Music Can Change Your Life: The Power of the Playlist

Ever seen a movie without hearing a score? Imagine watching Rocky train for a fight without hearing “Eye of the Tiger”. Without music, the experience would certainly be incomplete. If this is true about a movie, what about the soundtrack that accompanies your life?

According to Amina Kahn in the Los Angeles Times, “Anyone who’s had a bad day, then flipped the car radio on and caught the first notes of a favorite song knows how quickly music can lift the spirits.” It turns out that according to the researchers who wrote the book Your Playlist Can Change Your Life, “After smell, music is the ‘fastest, most user-friendly way to influence and reset your brain networks without using an external substance.'”

In the LinkedIn radio group, Audience Evolution, the community has been discussing getting people addicted to our product. Recent research demonstrates the very real potential that exists to form a healthy addiction.

What makes this a healthy addiction? According to researchers, music helps you regain focus and leads to being more productive. In addition to productivity and focus, enjoyable music just puts you in a better mood, especially if it’s part of your daily routine before, during and after work.

DMR/Interactive’s research with Arbitron has proven that the most important people in the audience turn on the radio 31 times each week. This means that at least 4.5 times per day, people are actively thinking about your station before they even listen. Whether it’s considered loyalty or an addiction in the best sense of the word, stations have earned that trust by delivering on their brand promise.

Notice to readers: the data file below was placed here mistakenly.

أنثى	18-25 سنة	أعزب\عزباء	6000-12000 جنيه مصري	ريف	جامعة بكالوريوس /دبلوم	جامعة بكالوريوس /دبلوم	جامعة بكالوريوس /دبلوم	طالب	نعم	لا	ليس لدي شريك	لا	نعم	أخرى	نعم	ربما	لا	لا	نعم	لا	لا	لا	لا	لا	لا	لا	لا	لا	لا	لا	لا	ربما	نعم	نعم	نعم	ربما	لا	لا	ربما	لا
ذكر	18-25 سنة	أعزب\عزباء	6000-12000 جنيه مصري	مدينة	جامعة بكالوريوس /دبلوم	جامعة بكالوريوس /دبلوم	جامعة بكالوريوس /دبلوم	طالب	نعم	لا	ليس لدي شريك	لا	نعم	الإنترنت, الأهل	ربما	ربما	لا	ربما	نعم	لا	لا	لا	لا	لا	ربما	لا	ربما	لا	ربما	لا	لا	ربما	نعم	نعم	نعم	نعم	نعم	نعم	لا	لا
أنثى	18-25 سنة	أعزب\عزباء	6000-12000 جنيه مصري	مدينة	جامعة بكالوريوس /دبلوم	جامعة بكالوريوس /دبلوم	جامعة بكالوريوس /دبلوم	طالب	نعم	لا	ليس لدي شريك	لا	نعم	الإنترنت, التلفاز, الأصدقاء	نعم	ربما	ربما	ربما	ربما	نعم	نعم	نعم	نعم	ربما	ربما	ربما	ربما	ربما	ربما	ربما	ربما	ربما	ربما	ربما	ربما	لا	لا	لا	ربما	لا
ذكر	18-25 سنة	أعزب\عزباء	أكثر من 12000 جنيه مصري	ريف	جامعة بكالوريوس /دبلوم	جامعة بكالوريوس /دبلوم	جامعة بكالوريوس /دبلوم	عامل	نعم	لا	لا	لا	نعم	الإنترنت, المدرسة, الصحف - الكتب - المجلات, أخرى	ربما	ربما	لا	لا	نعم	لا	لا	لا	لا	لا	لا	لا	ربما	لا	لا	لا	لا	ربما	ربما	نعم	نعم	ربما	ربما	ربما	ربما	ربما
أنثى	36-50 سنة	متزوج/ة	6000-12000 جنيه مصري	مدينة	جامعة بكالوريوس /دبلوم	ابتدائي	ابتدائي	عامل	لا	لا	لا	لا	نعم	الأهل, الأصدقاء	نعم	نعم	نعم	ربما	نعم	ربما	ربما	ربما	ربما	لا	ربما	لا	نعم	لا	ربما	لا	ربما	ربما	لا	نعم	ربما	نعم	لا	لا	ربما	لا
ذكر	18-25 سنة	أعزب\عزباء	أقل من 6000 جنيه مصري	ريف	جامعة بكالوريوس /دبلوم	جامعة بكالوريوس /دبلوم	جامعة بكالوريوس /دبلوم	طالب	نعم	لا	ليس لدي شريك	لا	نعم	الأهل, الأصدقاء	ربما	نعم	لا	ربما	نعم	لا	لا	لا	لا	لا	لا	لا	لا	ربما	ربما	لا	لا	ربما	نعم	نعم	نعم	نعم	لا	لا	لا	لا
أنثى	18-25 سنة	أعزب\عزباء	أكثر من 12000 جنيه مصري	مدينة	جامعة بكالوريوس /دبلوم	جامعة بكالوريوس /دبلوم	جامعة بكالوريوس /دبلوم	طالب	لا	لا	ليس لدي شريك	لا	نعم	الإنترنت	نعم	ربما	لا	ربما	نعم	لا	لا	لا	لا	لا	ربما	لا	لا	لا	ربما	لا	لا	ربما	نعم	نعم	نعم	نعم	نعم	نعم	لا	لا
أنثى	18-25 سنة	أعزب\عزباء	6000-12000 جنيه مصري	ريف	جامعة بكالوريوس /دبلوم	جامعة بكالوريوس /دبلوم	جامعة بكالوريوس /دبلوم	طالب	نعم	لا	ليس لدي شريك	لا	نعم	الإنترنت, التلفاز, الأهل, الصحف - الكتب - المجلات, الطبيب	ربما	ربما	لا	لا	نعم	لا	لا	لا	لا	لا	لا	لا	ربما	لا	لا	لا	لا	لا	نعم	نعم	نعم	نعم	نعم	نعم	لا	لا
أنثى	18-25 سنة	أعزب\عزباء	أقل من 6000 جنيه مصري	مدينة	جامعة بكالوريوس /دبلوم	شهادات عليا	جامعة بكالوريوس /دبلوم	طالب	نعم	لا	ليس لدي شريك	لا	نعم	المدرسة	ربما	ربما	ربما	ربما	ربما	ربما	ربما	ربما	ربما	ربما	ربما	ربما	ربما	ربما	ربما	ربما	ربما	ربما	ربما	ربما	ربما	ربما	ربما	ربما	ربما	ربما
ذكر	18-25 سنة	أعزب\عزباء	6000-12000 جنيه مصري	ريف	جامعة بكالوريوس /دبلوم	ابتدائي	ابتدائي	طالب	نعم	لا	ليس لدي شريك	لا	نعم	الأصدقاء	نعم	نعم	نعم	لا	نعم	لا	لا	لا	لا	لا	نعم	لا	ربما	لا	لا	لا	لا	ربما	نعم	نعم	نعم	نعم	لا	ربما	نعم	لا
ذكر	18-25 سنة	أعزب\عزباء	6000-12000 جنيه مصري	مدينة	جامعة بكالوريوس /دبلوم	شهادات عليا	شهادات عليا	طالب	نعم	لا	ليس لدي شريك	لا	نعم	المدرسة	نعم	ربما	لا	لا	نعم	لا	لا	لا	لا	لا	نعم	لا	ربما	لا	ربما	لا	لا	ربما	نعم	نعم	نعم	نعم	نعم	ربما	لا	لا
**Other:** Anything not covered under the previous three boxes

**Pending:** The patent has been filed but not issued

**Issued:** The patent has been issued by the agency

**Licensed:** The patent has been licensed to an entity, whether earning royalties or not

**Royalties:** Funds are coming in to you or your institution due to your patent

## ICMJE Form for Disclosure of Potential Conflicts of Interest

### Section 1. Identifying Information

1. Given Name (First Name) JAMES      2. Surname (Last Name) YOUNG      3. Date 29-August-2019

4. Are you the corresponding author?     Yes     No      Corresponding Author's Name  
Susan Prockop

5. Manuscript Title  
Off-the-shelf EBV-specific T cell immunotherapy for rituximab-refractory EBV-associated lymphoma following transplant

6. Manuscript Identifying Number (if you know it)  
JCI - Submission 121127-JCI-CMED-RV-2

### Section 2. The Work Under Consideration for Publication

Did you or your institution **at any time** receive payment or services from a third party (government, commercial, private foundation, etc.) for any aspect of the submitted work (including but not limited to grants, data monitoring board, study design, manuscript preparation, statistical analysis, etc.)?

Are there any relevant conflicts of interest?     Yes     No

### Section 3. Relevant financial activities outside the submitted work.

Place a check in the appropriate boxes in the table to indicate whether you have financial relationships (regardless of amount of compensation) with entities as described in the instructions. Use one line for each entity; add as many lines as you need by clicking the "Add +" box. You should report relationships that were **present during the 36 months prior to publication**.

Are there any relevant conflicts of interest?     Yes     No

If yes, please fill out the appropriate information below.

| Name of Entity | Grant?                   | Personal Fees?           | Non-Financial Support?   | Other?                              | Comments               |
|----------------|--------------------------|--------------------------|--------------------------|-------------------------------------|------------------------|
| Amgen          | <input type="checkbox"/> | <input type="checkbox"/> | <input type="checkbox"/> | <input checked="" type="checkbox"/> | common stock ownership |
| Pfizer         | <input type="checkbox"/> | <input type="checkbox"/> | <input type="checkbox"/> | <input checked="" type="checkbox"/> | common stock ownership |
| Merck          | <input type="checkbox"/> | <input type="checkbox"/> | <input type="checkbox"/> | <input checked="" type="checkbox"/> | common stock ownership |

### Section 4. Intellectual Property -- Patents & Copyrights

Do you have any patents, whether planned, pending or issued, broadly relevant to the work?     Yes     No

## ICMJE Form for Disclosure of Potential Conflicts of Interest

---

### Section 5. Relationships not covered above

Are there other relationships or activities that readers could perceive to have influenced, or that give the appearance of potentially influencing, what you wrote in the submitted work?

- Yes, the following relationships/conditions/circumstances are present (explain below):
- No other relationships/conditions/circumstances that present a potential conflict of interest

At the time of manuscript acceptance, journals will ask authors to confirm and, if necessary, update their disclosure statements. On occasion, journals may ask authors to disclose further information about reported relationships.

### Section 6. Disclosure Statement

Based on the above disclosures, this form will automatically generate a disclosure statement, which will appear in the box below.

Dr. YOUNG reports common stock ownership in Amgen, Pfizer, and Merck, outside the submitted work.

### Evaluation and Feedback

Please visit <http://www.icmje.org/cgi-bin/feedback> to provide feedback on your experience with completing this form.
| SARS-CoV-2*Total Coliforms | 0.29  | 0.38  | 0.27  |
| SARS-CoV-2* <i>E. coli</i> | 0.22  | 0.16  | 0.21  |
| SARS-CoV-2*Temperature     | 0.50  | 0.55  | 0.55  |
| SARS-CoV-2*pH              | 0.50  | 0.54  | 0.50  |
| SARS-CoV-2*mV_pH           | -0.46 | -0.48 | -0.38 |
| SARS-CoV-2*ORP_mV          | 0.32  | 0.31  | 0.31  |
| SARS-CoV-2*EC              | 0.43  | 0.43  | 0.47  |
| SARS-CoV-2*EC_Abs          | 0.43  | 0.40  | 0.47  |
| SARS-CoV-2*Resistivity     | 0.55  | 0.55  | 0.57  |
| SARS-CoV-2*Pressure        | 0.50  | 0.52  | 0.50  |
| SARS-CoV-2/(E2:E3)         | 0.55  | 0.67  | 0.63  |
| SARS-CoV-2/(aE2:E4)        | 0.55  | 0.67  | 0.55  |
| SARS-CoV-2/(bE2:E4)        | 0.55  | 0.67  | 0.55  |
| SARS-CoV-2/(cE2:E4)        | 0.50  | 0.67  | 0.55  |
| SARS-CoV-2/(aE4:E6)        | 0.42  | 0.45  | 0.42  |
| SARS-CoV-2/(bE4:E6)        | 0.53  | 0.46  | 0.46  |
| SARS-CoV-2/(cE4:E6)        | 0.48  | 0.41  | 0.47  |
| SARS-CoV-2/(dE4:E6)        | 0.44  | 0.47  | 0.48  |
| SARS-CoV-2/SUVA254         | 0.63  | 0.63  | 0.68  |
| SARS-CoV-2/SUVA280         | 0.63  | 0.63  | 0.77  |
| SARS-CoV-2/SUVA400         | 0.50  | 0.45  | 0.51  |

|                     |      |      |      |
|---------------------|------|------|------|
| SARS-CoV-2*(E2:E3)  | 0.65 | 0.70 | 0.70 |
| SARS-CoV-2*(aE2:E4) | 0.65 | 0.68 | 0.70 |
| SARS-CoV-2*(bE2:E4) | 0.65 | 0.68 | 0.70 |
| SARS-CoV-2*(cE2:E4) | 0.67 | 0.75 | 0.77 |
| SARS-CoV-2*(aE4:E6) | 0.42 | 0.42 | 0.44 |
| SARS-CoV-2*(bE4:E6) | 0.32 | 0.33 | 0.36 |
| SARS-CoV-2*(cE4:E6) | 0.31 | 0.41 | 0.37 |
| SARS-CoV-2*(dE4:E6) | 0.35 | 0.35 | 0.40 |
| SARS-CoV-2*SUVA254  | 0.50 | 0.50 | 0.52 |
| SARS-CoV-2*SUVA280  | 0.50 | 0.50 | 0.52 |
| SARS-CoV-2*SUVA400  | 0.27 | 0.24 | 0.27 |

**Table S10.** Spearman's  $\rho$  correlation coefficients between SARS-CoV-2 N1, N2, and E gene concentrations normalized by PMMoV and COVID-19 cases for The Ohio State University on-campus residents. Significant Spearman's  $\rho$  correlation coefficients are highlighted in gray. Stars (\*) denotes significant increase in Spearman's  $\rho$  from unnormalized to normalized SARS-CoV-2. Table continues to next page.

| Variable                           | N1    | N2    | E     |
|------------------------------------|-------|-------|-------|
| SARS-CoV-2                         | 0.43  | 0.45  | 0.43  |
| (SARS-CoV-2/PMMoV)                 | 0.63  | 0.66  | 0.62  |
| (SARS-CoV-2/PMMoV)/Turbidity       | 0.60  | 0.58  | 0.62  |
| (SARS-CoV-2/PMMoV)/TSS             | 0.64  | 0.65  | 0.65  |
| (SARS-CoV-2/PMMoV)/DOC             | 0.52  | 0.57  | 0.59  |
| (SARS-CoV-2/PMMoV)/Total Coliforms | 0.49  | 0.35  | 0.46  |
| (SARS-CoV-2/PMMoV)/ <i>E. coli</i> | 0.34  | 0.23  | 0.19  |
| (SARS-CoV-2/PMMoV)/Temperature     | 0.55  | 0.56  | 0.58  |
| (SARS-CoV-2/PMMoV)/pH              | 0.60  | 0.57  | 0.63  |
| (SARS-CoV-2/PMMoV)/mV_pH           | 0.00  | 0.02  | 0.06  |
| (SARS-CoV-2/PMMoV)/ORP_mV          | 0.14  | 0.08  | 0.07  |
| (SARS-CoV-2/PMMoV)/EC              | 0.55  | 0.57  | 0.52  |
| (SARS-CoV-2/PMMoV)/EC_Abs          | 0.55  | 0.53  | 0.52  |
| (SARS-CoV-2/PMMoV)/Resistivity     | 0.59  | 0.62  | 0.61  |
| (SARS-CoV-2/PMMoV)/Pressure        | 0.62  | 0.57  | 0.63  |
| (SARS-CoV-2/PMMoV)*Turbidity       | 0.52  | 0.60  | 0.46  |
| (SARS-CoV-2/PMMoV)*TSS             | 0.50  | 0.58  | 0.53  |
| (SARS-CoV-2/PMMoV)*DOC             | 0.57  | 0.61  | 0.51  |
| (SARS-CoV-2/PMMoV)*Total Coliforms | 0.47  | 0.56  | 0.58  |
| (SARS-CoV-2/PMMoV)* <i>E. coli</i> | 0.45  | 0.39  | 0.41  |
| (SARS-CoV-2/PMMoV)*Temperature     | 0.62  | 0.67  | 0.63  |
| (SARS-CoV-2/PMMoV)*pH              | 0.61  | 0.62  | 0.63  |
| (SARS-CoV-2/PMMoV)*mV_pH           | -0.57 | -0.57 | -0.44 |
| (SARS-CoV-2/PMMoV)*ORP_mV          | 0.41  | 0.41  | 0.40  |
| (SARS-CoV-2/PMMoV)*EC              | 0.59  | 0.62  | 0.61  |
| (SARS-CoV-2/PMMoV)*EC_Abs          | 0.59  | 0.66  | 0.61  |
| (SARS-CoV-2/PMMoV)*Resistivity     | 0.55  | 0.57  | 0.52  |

What is the promise being offered? In a word, enjoyment. Back in August of 2011, this column focused on research by Britain’s Radio Advertising Bureau that found, “On average, when consuming radio, happiness & energy scores increase by 100% and 300% compared to when no media is being consumed.”

Remaining Indispensable

Research as well as our collective experience clearly shows that people have a natural affinity for music. At the same time, we also know that digital and mobile technologies have enabled anyone to create and share a playlist.

Yet, even in this new and disruptive digital world, radio remains indispensable. Buried at the bottom of a news release about music discovery, you’ll see that in 2012, more people still listened to music on cassette tapes (remember those?) than online music services like Spotify or Pandora. Certainly helps put the buzz about these new platforms in perspective.

However, today’s teenagers are tomorrow’s adults and it wasn’t so long ago that Facebook was only on college campuses. Radio needs to continue doing what we do better than any other audio platform, create and offer compelling, local content and engage with those who matter most, on-air and off.

To learn more about how we can help your station be indispensable in the lives of your audience, , please contact Andrew Curran, COO at DMR/Interactive.

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